Friday, November 27, 2015
My World, Tricked by Mania, mania-bipolar-trick By Julie A. Fast All rights reserved
I came across this article on the Internet. Julie Fast, who suffers from bipolar disorder, takes her disease head-on as she describes her periods of mania. I can identify with her as one who has bipolar 2 and had some hypo-mania in a time of great grief reaction and pain when our daughter, Lindsay and her baby, Emily Hope, were killed in a car accident- which, by the way, we witnessed. I was talking way too much and I had a hard time realizing that when I engaged in conversations. I was taking people as "listening" hostages and would not let them go.
I also had a lot of anger during this period and was trying to resume my regular work schedule even though the month before Lindsay died I, myself, almost died from Lithium toxicity. So, my near poisoning added to the grief response brought my first period of hypo-mania into the mix of my illness. Rev. Steve Bloem B.A. M.M.
No matter how good it feels, euphoric mania is destructive. Learn to identify and manage your warning signs to stay on track. Have you ever wondered why people with obvious signs of mania won’t get help?
This often happens because mania tricks those of us with bipolar into thinking that out-of-control and sometimes dangerous symptoms are actually a positive. Here’s a description of what it’s like for me.
When I’m in a euphoric manic episode, life feels wrapped in loving-kindness, with every cell infused with joy juice. (Other people might experience the flamboyant or irritable aspects of mania; for example, by becoming the life of the party or turning into an angrier Oscar the Grouch.) A rock on the ground becomes infinitely fascinating to me because my brain no longer processes information in a linear way. See how that rock has flecks of green! See how it is situated right next to the blue-green grass and how it shines in the sun! I need to take a picture! I’ll put it in in my pocket, as it will bring me luck today—this beautiful day when all things are possible. I stand up and skip down the street. What fun thing can I do next? Ah, my room needs to be rearranged. To the store! I need storage boxes! The colors are so wonderful! Look! I can get a purple box, a green one, and wow, an aqua one! My shopping cart is filling up. Oh, the delicious possibilities!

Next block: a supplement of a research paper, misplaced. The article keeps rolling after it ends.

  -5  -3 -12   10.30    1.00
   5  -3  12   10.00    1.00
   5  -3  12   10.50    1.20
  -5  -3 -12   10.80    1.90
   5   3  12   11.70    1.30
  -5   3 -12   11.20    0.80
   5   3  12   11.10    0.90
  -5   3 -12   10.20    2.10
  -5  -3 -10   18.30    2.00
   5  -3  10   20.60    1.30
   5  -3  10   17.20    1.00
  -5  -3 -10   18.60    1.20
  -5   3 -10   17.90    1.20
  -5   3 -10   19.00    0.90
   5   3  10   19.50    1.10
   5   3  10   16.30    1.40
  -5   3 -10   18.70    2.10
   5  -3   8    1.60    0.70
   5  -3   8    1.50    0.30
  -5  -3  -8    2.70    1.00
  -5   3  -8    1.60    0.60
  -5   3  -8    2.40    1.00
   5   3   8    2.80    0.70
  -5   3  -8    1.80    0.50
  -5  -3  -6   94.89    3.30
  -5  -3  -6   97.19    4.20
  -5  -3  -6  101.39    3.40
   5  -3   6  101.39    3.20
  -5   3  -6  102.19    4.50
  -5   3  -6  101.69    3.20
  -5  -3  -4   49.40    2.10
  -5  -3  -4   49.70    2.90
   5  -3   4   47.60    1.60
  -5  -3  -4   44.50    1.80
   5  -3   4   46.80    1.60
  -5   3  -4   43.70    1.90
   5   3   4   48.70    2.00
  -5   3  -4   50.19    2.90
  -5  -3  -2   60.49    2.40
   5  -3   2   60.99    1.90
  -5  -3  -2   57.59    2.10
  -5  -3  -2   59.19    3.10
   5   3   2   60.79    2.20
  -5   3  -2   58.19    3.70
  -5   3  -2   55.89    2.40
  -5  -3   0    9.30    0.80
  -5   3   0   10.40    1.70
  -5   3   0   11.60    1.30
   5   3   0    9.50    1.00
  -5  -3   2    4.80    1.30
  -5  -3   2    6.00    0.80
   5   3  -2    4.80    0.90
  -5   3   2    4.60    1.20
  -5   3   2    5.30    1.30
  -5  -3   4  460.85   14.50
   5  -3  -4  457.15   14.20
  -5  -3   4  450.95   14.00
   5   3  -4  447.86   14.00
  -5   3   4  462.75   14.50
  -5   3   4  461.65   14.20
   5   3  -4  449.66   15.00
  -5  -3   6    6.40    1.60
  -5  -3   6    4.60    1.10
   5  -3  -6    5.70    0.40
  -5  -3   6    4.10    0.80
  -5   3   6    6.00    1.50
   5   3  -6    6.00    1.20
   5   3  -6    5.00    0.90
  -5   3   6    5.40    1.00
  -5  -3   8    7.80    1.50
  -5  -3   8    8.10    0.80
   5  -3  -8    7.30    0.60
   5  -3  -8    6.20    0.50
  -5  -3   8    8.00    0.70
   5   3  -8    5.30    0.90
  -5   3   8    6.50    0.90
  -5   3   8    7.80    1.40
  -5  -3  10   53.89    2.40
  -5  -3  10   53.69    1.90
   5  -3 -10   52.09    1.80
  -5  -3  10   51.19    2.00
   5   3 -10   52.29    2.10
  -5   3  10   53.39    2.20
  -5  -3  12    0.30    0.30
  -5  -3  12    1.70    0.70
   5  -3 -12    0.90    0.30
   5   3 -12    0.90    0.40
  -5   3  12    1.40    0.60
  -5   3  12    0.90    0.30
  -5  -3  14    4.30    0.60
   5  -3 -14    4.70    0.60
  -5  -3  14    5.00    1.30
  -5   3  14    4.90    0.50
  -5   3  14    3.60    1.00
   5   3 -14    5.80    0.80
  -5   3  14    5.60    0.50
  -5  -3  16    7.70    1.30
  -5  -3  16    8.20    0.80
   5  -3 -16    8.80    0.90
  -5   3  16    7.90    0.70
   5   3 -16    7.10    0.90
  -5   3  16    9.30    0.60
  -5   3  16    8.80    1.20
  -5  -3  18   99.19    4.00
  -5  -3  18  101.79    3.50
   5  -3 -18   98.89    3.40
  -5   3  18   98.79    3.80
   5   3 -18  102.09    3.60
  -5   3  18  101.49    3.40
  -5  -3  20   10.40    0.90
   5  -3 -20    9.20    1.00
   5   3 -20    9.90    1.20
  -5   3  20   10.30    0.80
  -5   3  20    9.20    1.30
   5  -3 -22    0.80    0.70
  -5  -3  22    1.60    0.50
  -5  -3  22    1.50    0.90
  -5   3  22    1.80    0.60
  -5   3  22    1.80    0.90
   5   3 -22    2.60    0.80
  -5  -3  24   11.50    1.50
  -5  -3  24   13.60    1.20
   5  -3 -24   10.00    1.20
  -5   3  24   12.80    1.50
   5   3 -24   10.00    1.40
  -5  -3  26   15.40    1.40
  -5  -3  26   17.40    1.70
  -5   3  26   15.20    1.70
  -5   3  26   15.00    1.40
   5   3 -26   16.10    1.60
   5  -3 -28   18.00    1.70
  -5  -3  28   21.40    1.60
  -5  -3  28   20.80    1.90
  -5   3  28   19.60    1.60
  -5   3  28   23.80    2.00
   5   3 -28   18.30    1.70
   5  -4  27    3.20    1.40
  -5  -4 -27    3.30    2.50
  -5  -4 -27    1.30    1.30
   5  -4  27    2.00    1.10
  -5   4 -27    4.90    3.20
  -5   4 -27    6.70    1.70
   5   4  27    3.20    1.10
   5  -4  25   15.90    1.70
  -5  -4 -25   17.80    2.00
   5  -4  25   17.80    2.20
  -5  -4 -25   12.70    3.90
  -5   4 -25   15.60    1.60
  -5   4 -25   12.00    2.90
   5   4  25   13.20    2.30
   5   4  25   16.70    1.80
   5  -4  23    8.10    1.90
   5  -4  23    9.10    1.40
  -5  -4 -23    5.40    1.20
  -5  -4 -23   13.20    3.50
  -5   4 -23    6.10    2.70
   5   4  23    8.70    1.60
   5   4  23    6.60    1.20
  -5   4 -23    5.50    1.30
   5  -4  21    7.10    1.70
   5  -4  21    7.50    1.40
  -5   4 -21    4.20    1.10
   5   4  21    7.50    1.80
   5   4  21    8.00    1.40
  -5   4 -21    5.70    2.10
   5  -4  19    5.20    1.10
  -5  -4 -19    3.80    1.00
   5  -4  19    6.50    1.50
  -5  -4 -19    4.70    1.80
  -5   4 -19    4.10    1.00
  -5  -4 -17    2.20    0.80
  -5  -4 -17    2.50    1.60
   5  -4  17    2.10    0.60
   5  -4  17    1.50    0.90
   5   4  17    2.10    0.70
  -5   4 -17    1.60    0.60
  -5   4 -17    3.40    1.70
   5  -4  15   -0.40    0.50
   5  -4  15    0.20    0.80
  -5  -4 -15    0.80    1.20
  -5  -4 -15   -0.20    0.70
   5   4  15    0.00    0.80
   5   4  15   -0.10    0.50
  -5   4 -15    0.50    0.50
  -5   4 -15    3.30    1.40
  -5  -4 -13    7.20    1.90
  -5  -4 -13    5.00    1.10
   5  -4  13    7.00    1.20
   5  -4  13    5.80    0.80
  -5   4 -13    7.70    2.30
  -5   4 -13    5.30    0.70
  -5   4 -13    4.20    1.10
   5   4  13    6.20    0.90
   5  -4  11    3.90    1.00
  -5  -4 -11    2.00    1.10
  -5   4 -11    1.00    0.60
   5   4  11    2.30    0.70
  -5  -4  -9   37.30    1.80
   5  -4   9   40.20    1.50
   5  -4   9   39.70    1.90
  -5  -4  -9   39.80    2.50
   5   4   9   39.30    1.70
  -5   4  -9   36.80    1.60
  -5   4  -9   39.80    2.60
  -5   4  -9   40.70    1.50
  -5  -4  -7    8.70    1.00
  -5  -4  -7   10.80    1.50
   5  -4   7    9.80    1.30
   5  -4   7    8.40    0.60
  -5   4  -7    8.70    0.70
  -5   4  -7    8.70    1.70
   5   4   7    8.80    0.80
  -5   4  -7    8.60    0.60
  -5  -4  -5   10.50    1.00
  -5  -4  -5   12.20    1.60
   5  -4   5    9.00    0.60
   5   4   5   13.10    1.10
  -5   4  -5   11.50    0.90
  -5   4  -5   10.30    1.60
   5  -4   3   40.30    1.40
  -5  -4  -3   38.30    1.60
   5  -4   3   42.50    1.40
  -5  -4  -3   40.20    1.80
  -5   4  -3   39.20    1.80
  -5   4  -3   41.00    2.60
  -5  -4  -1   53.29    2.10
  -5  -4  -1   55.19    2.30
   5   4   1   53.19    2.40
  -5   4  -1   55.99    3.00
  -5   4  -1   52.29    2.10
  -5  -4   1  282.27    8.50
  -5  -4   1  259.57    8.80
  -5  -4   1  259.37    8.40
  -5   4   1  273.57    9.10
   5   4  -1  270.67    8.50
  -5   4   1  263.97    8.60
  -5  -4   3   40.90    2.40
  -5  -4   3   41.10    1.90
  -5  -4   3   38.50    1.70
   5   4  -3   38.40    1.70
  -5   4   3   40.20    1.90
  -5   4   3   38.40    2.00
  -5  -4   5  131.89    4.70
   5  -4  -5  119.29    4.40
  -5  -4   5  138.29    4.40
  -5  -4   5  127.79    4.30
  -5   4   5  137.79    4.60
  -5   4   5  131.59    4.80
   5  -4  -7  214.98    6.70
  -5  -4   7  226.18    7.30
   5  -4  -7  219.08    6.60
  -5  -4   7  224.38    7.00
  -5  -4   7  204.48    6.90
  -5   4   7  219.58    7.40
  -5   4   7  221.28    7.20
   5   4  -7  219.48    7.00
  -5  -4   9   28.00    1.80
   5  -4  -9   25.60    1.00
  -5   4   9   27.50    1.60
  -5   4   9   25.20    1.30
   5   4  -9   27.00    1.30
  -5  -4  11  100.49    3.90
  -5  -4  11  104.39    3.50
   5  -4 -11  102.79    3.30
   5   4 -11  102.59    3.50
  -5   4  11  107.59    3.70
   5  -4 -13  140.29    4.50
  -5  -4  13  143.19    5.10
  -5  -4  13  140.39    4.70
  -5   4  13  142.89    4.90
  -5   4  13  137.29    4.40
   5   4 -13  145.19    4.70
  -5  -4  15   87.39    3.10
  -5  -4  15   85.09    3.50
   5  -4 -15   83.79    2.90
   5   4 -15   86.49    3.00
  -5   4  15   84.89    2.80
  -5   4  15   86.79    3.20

My brain has no boundaries when I’m manic—no thoughts of the work I need to do or how much money I have in my bank account. I hit the candle aisle and oh, it’s buy two get one free! I’ll get six! Why don’t I see this as mania? One reason is that my depressive episodes consume me to the point that I can hardly leave my room without a struggle. It makes sense that I would not see my manic behavior as a negative; I see it as the opposite of my horrific depression, so it must be a positive, right? I might be feeling a little pang of worry when I see the bill, but hey, it always works out. I’ll be fine! Right?
I can’t stress enough how serious mania can be, and how we must all learn what our mania looks like in order to prevent it from getting too out of hand. During this kind of mania, my brain stops producing reasonable questions and thoughts. I’m not ignoring any warning signs—my manic brain isn’t sending me any; it truly is not creating any checks and balances to keep me on track.
Although I manage my bipolar, hypo-mania still stalks me every day. If I don’t watch for it all the time, I can get tricked into thinking that euphoric mania is actually happiness. Before I was diagnosed at age 31, I believed that the hypo-mania was the “real me” and the depression was the “sick me.” Realizing that mania and depression are two sides of the same bipolar disorder coin changed my life. I now know that no matter how good it feels, euphoric mania is destructive.
I manage my mania with a plan that uses symptom listing, trigger management, and a team around me that is always allowed to tell me if I seem manic. There have been times when I’ve been in a store doing my Hyman thing and suddenly realized by looking at my cart, Julie, this is mania! Get out of here! I’ve taught myself to see what is happening and to act on visual cues because my ability to understand or rationally process what is happening is simply not there. My mania and I are in our own world.I’ve learned that taking pictures of rocks, redoing my room, and filling up shopping carts are signs that I’m sick and I have to stop and manage the mania immediately—no matter how good it feels.
A Tip from Julie:
Make a list of your or a loved one’s first signs of mania and memorize the list. For example, my euphoric mania always starts with vision changes and a sense of profound well-being. I can’t let this catch me off guard! Once you know your first signs of
mania, you can go in the management direction instead of in the I’m-going-to-give-in-to-this-mania-
For a brief treatment of bipolar disorder, please go to:
Broken Minds is available from this author and in Kindle Format, For a new copy of Broken Minds, Hope for Healing When You Feel Like You're Losing It. go to our web-site, Follow the link to our donation button. http://heartfeltmin.org/author-page.html .The book sell retail for $16.00 and $3.00 for shipping. I promise you that you will not regret getting this book.
Here is a link to one of my blogs that explains bipolar disorder.